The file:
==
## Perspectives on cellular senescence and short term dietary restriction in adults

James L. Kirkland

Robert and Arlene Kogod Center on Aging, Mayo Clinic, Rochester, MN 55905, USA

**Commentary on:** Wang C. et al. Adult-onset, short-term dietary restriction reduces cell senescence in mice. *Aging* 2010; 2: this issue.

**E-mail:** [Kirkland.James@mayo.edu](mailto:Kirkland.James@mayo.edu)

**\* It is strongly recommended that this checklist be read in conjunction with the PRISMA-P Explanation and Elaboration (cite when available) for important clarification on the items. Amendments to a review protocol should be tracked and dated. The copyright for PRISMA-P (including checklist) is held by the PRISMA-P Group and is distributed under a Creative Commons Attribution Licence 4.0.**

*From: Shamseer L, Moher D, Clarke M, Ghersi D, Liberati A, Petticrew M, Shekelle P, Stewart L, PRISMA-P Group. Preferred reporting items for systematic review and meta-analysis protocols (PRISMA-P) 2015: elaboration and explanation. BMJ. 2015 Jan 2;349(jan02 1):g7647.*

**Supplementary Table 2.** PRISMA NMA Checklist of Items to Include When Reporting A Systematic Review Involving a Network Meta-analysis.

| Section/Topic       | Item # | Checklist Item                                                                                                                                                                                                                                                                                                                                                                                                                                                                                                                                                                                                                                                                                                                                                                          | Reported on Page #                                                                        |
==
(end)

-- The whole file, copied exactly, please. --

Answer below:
## Perspectives on cellular senescence and short term dietary restriction in adults

James L. Kirkland

Robert and Arlene Kogod Center on Aging, Mayo Clinic, Rochester, MN 55905, USA

**Commentary on:** Wang C. et al. Adult-onset, short-term dietary restriction reduces cell senescence in mice. *Aging* 2010; 2: this issue.

**E-mail:** [Kirkland.James@mayo.edu](mailto:Kirkland.James@mayo.edu)

**\* It is strongly recommended that this checklist be read in conjunction with the PRISMA-P Explanation and Elaboration (cite when available) for important clarification on the items. Amendments to a review protocol should be tracked and dated. The copyright for PRISMA-P (including checklist) is held by the PRISMA-P Group and is distributed under a Creative Commons Attribution Licence 4.0.**

*From: Shamseer L, Moher D, Clarke M, Ghersi D, Liberati A, Petticrew M, Shekelle P, Stewart L, PRISMA-P Group. Preferred reporting items for systematic review and meta-analysis protocols (PRISMA-P) 2015: elaboration and explanation. BMJ. 2015 Jan 2;349(jan02 1):g7647.*

**Supplementary Table 2.** PRISMA NMA Checklist of Items to Include When Reporting A Systematic Review Involving a Network Meta-analysis.

| Section/Topic       | Item # | Checklist Item                                                                                                                                                                                                                                                                                                                                                                                                                                                                                                                                                                                                                                                                                                                                                                          | Reported on Page #                                                                        |